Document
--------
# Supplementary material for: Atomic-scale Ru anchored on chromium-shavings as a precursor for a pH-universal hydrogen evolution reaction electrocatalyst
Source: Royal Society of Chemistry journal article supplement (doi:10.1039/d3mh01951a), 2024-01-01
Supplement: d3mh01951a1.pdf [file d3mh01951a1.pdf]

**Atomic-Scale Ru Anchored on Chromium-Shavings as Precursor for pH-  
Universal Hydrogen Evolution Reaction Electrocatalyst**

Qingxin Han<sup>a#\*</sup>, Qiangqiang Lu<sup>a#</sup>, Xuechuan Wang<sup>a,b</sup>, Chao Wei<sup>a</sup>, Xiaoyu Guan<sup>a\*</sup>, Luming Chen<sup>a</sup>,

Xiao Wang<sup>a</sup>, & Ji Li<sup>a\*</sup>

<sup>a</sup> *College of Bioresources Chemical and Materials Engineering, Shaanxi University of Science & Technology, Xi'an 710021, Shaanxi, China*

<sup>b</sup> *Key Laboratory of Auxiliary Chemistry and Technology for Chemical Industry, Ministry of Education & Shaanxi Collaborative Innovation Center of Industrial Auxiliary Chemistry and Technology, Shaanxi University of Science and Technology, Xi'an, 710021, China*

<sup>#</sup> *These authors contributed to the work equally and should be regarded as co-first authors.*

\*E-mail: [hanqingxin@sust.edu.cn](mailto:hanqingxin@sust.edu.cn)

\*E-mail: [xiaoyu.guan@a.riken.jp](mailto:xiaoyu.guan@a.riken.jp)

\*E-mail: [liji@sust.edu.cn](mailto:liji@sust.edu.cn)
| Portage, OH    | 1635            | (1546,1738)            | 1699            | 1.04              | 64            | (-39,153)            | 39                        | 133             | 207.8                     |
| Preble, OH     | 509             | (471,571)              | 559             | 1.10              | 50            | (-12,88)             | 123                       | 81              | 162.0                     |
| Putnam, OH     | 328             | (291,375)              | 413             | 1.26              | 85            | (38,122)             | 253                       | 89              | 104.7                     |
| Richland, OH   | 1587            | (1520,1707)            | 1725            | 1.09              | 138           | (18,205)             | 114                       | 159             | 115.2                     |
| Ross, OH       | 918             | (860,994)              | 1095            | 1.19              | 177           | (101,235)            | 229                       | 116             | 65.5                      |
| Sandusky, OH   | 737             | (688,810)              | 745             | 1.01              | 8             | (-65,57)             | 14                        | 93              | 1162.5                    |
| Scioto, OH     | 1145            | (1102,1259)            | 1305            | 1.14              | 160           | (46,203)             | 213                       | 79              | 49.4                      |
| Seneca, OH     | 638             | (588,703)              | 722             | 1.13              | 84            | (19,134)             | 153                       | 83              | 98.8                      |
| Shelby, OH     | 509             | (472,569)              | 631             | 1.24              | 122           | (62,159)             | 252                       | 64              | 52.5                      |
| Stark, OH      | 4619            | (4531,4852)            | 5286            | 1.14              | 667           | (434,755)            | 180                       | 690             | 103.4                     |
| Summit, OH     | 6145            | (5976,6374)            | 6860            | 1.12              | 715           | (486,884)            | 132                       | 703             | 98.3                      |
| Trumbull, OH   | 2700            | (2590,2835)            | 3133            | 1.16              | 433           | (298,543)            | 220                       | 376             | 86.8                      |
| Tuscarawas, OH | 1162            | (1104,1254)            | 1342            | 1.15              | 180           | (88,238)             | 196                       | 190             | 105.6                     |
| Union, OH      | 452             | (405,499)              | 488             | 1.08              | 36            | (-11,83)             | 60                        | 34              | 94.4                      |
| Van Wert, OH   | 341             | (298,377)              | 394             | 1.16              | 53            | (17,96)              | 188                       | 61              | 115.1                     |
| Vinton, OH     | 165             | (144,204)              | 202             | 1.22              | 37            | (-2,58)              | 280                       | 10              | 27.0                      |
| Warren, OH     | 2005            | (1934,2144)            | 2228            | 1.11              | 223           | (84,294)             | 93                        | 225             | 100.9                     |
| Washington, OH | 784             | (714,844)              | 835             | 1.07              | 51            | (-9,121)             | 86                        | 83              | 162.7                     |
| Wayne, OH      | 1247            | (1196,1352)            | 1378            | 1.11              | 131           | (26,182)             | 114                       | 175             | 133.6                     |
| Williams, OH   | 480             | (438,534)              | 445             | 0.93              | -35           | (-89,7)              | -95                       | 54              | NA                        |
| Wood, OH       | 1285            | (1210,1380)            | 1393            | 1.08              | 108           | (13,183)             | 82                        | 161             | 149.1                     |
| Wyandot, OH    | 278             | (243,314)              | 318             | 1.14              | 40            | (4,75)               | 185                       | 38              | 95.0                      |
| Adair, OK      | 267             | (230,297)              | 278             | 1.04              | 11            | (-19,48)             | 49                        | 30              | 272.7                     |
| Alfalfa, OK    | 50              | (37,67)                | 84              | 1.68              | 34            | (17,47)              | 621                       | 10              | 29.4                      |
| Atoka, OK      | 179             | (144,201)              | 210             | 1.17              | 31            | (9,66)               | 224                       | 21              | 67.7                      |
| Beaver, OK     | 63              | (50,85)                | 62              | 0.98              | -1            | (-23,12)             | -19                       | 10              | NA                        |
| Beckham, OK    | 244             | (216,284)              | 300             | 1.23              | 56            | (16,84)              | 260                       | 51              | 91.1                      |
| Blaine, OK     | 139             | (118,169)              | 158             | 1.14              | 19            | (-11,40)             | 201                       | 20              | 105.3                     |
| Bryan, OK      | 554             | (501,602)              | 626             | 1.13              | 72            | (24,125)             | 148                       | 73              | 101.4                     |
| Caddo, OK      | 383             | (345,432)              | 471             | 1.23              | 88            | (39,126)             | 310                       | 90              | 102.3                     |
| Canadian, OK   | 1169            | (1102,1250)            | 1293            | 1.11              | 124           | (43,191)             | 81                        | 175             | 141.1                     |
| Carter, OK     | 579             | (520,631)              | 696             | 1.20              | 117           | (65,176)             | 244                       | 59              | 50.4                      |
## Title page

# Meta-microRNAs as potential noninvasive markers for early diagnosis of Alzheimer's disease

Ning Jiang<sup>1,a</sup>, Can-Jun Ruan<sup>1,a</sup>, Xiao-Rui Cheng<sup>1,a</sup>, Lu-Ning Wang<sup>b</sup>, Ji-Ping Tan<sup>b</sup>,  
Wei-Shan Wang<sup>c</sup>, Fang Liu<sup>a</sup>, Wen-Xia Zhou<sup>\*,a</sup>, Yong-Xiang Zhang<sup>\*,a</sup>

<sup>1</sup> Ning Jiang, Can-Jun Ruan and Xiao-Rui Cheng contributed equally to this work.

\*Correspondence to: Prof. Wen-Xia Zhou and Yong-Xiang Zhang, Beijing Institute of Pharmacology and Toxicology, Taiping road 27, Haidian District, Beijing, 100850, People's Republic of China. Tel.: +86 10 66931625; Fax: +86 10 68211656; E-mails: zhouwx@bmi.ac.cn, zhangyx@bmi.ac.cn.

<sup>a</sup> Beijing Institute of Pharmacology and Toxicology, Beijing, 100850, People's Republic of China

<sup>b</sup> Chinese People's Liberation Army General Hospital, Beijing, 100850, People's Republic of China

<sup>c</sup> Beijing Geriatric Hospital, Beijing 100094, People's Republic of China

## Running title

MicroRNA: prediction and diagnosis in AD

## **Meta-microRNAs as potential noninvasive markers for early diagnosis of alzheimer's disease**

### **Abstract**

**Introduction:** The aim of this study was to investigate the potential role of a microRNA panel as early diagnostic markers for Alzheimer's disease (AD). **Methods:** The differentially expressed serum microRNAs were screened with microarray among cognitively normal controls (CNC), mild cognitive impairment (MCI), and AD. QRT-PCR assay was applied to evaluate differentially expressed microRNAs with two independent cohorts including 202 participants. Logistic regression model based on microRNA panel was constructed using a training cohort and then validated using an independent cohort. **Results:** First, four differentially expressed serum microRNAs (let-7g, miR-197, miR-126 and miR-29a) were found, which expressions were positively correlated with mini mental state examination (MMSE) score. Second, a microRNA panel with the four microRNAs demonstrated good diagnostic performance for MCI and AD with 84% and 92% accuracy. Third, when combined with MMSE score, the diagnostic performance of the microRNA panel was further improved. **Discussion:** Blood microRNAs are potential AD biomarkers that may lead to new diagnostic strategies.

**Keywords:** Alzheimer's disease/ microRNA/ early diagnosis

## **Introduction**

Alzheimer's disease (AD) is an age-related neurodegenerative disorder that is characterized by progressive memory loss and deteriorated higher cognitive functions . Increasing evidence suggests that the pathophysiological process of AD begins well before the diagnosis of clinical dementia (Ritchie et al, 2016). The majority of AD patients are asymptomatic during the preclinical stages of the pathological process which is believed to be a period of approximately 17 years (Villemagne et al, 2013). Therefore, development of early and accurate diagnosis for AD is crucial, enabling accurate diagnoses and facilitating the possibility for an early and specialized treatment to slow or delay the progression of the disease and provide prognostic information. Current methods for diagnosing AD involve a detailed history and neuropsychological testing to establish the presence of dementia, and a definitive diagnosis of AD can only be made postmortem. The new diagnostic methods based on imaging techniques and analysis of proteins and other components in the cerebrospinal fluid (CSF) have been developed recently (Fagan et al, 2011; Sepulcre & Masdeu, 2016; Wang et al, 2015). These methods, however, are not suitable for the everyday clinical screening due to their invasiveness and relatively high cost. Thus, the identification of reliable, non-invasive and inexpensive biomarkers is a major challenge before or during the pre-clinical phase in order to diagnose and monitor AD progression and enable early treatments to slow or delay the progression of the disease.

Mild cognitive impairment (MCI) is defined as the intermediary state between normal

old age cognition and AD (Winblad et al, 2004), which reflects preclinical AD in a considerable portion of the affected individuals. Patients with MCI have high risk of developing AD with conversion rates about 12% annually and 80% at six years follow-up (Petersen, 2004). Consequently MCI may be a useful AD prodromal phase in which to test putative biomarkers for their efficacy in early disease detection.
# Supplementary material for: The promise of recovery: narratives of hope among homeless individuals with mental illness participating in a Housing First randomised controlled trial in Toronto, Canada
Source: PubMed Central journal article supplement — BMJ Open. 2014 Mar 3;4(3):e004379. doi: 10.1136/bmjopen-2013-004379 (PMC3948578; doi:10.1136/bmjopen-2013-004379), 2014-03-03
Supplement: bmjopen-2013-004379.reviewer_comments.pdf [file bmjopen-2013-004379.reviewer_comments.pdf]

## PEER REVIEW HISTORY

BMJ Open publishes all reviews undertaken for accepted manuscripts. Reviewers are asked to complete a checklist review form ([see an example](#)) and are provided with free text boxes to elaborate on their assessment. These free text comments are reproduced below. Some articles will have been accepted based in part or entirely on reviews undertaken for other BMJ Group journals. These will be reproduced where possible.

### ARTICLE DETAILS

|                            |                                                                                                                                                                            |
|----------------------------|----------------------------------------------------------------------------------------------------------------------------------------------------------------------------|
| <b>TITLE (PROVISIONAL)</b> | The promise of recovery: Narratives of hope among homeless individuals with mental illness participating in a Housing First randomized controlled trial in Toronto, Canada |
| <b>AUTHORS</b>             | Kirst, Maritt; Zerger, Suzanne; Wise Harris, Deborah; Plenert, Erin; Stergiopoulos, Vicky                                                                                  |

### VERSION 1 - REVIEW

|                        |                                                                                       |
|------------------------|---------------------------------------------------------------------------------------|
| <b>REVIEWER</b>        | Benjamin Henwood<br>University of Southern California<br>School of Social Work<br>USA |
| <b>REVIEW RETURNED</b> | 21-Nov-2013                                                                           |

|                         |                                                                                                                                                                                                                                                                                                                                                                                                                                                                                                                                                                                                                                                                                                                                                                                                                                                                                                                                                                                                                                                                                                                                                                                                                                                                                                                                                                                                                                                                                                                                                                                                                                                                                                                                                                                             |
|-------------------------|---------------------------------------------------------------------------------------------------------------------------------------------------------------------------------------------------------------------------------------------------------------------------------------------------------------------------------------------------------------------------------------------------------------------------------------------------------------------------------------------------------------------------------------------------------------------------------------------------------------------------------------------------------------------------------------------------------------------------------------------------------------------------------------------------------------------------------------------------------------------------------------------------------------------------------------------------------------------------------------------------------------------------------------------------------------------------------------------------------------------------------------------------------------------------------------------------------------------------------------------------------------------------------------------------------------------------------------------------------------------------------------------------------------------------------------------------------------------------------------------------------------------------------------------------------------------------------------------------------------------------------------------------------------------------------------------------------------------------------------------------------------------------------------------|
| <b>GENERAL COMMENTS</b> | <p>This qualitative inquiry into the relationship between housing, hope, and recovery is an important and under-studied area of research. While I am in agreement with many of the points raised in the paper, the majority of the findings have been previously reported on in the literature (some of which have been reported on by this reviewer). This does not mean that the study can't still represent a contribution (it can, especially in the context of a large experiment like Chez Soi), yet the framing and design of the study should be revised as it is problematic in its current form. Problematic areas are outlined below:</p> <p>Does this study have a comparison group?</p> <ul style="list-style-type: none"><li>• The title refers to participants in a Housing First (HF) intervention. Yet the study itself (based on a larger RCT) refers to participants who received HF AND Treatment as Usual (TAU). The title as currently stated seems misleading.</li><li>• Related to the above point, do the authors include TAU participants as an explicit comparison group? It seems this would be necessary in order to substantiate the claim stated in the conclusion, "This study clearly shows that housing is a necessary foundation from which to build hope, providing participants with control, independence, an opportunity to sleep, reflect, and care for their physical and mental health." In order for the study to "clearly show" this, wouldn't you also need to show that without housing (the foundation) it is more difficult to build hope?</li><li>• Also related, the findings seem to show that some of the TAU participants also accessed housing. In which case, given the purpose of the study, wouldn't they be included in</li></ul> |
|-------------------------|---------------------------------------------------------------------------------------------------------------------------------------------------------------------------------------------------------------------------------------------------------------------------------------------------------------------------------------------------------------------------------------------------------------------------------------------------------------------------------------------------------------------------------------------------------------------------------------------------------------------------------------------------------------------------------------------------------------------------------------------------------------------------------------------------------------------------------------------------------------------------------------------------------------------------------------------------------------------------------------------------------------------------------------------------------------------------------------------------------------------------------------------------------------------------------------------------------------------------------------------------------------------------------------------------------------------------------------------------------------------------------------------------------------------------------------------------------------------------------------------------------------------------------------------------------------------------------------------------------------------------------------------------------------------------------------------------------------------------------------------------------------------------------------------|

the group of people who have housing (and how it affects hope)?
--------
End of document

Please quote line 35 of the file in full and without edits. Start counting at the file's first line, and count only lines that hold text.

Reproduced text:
| Wyandot, OH    | 278             | (243,314)              | 318             | 1.14              | 40            | (4,75)               | 185                       | 38              | 95.0                      |